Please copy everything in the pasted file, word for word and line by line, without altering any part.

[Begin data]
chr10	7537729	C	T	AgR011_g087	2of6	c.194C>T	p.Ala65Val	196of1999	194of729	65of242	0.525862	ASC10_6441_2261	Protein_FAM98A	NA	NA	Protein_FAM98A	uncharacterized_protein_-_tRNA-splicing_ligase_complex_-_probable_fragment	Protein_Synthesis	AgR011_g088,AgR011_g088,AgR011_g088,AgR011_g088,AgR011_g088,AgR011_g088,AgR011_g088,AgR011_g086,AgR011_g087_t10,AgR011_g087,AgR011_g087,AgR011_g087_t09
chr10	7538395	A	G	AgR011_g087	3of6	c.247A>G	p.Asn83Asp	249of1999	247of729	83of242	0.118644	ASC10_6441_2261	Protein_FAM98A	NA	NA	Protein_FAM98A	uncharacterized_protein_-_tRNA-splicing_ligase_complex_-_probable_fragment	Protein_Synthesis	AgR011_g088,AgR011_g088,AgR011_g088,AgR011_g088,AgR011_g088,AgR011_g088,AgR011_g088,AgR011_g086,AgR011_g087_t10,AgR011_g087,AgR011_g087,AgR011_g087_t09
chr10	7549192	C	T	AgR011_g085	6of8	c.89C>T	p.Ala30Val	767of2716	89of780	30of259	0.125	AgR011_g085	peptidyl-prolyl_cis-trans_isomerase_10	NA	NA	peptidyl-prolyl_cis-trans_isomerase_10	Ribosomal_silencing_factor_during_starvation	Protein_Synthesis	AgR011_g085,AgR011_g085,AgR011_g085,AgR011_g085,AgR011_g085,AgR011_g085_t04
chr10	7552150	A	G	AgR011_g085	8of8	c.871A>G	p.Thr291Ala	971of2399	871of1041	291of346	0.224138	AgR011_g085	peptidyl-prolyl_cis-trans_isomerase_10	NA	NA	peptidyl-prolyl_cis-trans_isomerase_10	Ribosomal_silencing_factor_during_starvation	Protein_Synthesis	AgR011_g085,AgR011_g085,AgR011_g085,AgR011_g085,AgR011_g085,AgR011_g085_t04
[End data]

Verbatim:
chr10	7537729	C	T	AgR011_g087	2of6	c.194C>T	p.Ala65Val	196of1999	194of729	65of242	0.525862	ASC10_6441_2261	Protein_FAM98A	NA	NA	Protein_FAM98A	uncharacterized_protein_-_tRNA-splicing_ligase_complex_-_probable_fragment	Protein_Synthesis	AgR011_g088,AgR011_g088,AgR011_g088,AgR011_g088,AgR011_g088,AgR011_g088,AgR011_g088,AgR011_g086,AgR011_g087_t10,AgR011_g087,AgR011_g087,AgR011_g087_t09
chr10	7538395	A	G	AgR011_g087	3of6	c.247A>G	p.Asn83Asp	249of1999	247of729	83of242	0.118644	ASC10_6441_2261	Protein_FAM98A	NA	NA	Protein_FAM98A	uncharacterized_protein_-_tRNA-splicing_ligase_complex_-_probable_fragment	Protein_Synthesis	AgR011_g088,AgR011_g088,AgR011_g088,AgR011_g088,AgR011_g088,AgR011_g088,AgR011_g088,AgR011_g086,AgR011_g087_t10,AgR011_g087,AgR011_g087,AgR011_g087_t09
chr10	7549192	C	T	AgR011_g085	6of8	c.89C>T	p.Ala30Val	767of2716	89of780	30of259	0.125	AgR011_g085	peptidyl-prolyl_cis-trans_isomerase_10	NA	NA	peptidyl-prolyl_cis-trans_isomerase_10	Ribosomal_silencing_factor_during_starvation	Protein_Synthesis	AgR011_g085,AgR011_g085,AgR011_g085,AgR011_g085,AgR011_g085,AgR011_g085_t04
chr10	7552150	A	G	AgR011_g085	8of8	c.871A>G	p.Thr291Ala	971of2399	871of1041	291of346	0.224138	AgR011_g085	peptidyl-prolyl_cis-trans_isomerase_10	NA	NA	peptidyl-prolyl_cis-trans_isomerase_10	Ribosomal_silencing_factor_during_starvation	Protein_Synthesis	AgR011_g085,AgR011_g085,AgR011_g085,AgR011_g085,AgR011_g085,AgR011_g085_t04